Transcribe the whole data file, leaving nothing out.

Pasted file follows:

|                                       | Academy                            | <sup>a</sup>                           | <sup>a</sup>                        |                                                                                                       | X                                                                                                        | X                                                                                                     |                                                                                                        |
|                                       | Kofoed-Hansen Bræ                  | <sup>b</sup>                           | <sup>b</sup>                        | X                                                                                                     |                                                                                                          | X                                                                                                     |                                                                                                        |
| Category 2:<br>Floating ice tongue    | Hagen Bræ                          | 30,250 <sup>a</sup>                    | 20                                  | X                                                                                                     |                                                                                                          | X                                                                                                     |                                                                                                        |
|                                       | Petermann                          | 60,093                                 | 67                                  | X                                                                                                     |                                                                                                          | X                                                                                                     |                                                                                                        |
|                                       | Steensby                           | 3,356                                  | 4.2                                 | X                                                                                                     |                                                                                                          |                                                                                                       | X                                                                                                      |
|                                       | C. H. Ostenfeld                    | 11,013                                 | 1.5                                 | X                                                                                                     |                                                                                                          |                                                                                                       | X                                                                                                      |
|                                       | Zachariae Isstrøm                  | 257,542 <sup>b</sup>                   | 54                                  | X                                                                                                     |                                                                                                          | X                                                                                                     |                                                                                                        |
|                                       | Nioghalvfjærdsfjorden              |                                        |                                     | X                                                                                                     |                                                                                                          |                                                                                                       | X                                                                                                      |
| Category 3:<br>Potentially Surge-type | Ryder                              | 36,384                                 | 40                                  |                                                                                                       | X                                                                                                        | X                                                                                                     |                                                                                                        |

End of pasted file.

|                                       | Academy                            | <sup>a</sup>                           | <sup>a</sup>                        |                                                                                                       | X                                                                                                        | X                                                                                                     |                                                                                                        |
|                                       | Kofoed-Hansen Bræ                  | <sup>b</sup>                           | <sup>b</sup>                        | X                                                                                                     |                                                                                                          | X                                                                                                     |                                                                                                        |
| Category 2:<br>Floating ice tongue    | Hagen Bræ                          | 30,250 <sup>a</sup>                    | 20                                  | X                                                                                                     |                                                                                                          | X                                                                                                     |                                                                                                        |
|                                       | Petermann                          | 60,093                                 | 67                                  | X                                                                                                     |                                                                                                          | X                                                                                                     |                                                                                                        |
|                                       | Steensby                           | 3,356                                  | 4.2                                 | X                                                                                                     |                                                                                                          |                                                                                                       | X                                                                                                      |
|                                       | C. H. Ostenfeld                    | 11,013                                 | 1.5                                 | X                                                                                                     |                                                                                                          |                                                                                                       | X                                                                                                      |
|                                       | Zachariae Isstrøm                  | 257,542 <sup>b</sup>                   | 54                                  | X                                                                                                     |                                                                                                          | X                                                                                                     |                                                                                                        |
|                                       | Nioghalvfjærdsfjorden              |                                        |                                     | X                                                                                                     |                                                                                                          |                                                                                                       | X                                                                                                      |
| Category 3:<br>Potentially Surge-type | Ryder                              | 36,384                                 | 40                                  |                                                                                                       | X                                                                                                        | X                                                                                                     |                                                                                                        |